28 November 2012

Drake Passage

Ok, this is it. We're aboard the ship, heading towards Antarctica. The weather is calm, and so is the sea. That's nice, because the next two days we'll be crossing the infamous Drake Passage.

The Drake Passage. Boring when it's calm, scary when it's not.

The 800 kilometres (500 mi) wide passage between Cape Horn and Livingston Island is the shortest crossing from Antarctica to the rest of the world's land, and it's known as the roughest sea on the planet. We don't particularly like rough seas, so let's just hope we don't get into the same problems as the Antarctic vessel Clelia II had to deal with a few years ago:

Video courtesy of Pazzo Per Il Mare

If it stays as calm as it is today, then there won't be much to see other than a whole of water and sea birds. The lower deck at the back of the ship is actually quite nice to photograph the birds that are following the ship.

No, that's not me.

27 November 2012

Buenos Aires

Instead of flying straight to Ushuaia, we decided to spend some time in Buenos Aires first - getting used to the (minor) time difference and do some sight seeing. And steak eating.

Today we visited a church and a cemetary in the city, both very photogenic. I didn't want to bring any serious cameras, so I used my iPhone for all photography. And some iPhone filters.

25 November 2012

Antarctica, here we come!

We're off to Antarctica. Last year was fun, but this time Daniella will join me, so she can carry my gear. Just kidding, she's got loads of stuff herself - mostly video gear. We'll be starting from Ushuaia and sail straight down to the Antarctic peninsula for hopefully some great landings.

There will be little or no internet facilities, so if you send us an email it may take us a little longer than usual to respond.

24 November 2012

Seminar Workflow in Belgium

Today we spent the whole day in Antwerp, Belgium, where I gave another Squiver seminar: Nature Photography - From the basic idea to the final print. A big thank you to all participants!

23 November 2012

Presentation at VNFE

Yesterday I gave a presentation at VNFE, a well known nature photography camera club in The Netherlands. Lots of people showed up, and it was nice to finally meet some of the people behind the names that I knew only from photography fora and Facebook. Thank you all for showing up, it was fun!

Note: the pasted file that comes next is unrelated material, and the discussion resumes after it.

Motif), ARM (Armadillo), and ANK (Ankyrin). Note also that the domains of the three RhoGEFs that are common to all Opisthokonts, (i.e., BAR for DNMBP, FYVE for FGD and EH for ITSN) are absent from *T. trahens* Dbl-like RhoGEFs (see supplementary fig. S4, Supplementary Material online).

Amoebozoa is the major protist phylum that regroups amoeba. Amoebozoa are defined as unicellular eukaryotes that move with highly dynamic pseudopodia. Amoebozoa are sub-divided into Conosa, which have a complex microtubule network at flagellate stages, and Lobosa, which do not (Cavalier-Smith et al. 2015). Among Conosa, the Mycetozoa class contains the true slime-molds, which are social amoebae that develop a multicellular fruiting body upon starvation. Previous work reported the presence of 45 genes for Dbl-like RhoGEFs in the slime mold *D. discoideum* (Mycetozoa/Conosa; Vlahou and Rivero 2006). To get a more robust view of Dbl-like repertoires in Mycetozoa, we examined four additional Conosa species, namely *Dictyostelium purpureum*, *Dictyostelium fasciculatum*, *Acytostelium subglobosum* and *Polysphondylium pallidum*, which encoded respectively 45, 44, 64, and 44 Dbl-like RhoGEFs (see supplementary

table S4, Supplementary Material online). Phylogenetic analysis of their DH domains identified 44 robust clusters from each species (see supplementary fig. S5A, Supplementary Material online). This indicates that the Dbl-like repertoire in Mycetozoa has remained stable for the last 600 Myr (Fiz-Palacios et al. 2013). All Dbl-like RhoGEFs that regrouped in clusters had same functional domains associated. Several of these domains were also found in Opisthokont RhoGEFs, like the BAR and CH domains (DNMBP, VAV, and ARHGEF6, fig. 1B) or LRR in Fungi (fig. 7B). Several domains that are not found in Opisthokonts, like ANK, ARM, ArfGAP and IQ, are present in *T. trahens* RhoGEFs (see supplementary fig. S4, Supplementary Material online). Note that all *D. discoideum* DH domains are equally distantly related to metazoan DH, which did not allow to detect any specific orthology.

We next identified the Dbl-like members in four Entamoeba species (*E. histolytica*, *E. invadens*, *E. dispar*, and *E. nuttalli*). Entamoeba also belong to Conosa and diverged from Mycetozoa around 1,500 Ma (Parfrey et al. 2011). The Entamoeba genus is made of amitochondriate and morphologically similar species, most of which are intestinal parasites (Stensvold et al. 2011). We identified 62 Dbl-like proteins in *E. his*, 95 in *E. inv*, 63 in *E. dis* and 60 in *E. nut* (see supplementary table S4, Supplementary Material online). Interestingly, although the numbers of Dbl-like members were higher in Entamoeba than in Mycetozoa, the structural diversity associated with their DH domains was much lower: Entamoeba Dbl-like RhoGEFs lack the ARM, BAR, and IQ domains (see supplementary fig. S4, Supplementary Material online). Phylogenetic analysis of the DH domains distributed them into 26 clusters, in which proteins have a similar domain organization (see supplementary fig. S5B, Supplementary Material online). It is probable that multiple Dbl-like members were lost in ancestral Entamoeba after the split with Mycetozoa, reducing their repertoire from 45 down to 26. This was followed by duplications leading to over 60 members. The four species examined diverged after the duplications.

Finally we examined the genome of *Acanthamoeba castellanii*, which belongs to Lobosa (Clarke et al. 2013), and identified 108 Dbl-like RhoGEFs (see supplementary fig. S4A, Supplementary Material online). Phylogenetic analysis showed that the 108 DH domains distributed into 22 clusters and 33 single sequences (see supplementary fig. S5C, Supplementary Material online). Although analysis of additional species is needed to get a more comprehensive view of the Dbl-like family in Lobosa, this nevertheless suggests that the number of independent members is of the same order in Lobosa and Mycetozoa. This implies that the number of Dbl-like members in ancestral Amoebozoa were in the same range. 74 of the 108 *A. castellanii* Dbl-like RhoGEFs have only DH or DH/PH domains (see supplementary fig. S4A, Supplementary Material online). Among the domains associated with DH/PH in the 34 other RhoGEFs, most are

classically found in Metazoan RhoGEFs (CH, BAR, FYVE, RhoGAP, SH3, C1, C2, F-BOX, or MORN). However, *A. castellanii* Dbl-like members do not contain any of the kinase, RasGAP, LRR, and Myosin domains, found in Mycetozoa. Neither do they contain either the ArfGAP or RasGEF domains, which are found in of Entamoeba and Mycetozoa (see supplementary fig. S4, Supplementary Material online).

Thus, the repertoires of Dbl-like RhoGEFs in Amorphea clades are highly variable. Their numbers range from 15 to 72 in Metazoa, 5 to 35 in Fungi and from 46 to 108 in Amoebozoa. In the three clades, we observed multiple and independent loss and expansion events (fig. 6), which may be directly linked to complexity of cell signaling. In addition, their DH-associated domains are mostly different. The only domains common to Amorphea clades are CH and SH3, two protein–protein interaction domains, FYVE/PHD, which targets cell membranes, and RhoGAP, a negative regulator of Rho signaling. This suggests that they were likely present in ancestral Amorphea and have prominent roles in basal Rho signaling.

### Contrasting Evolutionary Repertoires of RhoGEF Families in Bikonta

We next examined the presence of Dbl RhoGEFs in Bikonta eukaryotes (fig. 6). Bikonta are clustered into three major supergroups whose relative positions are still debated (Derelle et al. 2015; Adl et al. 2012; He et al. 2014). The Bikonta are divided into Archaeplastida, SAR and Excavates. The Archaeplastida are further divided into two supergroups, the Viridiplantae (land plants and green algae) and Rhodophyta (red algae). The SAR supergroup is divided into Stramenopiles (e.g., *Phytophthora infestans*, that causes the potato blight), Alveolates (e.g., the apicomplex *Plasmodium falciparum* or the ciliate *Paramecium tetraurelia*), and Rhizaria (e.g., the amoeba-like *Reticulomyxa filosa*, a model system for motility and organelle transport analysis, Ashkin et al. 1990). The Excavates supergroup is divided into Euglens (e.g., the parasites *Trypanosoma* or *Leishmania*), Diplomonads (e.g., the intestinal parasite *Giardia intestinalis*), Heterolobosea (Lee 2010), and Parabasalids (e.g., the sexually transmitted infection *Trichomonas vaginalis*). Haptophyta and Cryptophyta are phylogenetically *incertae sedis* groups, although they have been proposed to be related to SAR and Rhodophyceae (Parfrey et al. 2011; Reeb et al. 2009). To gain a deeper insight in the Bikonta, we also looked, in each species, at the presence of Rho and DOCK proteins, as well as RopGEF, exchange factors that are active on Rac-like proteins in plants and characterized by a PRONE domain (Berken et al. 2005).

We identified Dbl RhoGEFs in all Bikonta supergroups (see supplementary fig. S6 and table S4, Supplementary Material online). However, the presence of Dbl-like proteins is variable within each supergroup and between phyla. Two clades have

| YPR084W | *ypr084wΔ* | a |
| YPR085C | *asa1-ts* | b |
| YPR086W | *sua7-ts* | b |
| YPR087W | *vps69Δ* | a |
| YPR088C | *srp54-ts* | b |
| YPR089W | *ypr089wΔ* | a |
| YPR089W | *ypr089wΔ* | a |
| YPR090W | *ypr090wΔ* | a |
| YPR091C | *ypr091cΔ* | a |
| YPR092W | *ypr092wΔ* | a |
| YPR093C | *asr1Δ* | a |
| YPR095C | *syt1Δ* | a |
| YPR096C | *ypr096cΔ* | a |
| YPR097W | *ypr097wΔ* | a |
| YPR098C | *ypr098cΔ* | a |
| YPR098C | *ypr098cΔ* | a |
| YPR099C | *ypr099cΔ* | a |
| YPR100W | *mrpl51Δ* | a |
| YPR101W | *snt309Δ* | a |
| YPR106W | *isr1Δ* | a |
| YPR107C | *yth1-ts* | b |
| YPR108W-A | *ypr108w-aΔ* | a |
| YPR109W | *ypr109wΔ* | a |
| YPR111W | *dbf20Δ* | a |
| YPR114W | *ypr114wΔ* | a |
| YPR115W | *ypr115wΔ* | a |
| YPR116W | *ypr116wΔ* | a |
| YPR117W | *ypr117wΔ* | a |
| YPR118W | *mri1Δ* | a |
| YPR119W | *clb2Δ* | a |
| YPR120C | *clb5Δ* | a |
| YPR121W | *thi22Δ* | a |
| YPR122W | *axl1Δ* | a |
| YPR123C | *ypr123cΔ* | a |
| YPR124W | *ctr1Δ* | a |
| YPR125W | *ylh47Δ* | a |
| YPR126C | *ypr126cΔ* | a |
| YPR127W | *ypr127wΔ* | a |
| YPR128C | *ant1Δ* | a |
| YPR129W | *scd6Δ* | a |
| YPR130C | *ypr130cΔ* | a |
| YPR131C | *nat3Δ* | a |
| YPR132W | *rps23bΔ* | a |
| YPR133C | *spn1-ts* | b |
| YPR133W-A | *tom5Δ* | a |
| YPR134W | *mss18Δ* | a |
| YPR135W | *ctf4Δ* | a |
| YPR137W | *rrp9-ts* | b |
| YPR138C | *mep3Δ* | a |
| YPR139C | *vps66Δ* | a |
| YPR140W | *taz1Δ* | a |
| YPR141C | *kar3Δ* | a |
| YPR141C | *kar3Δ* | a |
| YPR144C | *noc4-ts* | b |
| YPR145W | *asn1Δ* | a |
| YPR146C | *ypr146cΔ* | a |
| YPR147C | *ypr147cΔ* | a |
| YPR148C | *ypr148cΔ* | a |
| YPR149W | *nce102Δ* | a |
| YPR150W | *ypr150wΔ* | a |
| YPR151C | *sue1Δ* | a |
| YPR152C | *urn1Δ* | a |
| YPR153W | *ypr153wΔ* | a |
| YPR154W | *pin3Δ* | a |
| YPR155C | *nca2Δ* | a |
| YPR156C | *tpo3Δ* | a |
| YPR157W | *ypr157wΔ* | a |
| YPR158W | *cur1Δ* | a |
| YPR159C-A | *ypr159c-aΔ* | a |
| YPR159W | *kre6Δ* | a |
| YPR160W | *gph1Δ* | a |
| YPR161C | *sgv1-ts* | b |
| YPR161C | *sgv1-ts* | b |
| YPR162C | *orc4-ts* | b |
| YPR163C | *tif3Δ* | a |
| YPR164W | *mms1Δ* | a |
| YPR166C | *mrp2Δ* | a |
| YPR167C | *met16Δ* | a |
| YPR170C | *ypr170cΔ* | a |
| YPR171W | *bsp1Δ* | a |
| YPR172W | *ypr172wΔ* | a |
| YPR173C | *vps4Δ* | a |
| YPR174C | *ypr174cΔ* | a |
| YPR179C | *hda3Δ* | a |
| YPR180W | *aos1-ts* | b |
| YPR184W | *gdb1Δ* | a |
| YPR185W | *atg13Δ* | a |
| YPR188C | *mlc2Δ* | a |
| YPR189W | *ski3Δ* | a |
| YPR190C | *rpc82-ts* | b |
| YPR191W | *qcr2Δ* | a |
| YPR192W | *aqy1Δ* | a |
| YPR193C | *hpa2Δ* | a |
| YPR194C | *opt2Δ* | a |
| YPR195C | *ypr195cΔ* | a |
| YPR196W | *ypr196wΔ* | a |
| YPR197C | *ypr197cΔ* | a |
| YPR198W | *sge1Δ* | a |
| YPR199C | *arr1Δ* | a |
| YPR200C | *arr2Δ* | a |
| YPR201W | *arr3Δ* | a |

16 November 2012

AF-S 24-70/2.8 to the Emergency Room

Something weird happened to my 24-70. On the Wildlife Bootcamp in Spain last month I first noticed that the zoom ring was not moving as smoothly anymore. I thought it was probably the weather and didn't pay much attention to it. But every time I used the lens, it was getting more and more stiff.

Then suddenly one day there was a new symptom: the zoom ring got stuck somewhere around 50mm. I could still zoom out to 24, but when zooming in, the ring stopped at 50mm. As a result I didn't use it as much on this trip, but every time I did, the zoom ring got stuck at a different focal length. Yes, very weird. And when I say stuck, I mean really stuck as if something mechanical on the inside of the lens stopped it.

When I got back home, I brought it to Nikon Service Center for repairs. Today it was ready to be picked up again. Obviously, my first question was what was wrong with the lens and what caused it. Their answer: the lens had been dropped or something had hit the lens. Right. I knew that I hadn't dropped the lens, nor that anything had hit it. But they insisted that they could see damage that could only have been caused by some sort of heavy impact. I still don't believe this is what has caused the defect, but what do you do?

They replaced: Guide Roller T=4.99, Rubber Ring, 1st Lens Lead Ring, Lens Hood Fixed Ring Unit. Total costs: 335 Euros! That's roughly the price of a brand new Nikon D3100 body and an extra battery...

Update 28/12: On my trip to Antarctica I met a German photographer who had exactly the same problems with the same lens. He also said that he had not dropped or bumped his lens. What's going on?

07 November 2012

Double Light

A couple of weeks ago I posted an image here of Turret Arch shot through North Window, and I included Daniella to add some scale to the shot and to make it slightly different from the kazillion other images that have been shot at this location.

But I knew that it would take a lot more to create something truly different, so I gave it some serious thought and made a plan. I decided to shoot at night, hope for snow, and use a combination of moonlight and flashlight as I had never seen that before. I thought: night shot + moonlight + stars + snow + flashlight = not very likely to have been shot before :-)

There was only a very small window (sorry) of time to do this, because I wanted a low moon and it needed to rise at a certain angle or else there would be large shadows of the rocks behind me creeping into the shot. The inside of the arch was lit by Daniella during part of the exposure with a Surefire Invictus, the flashlight of the gods.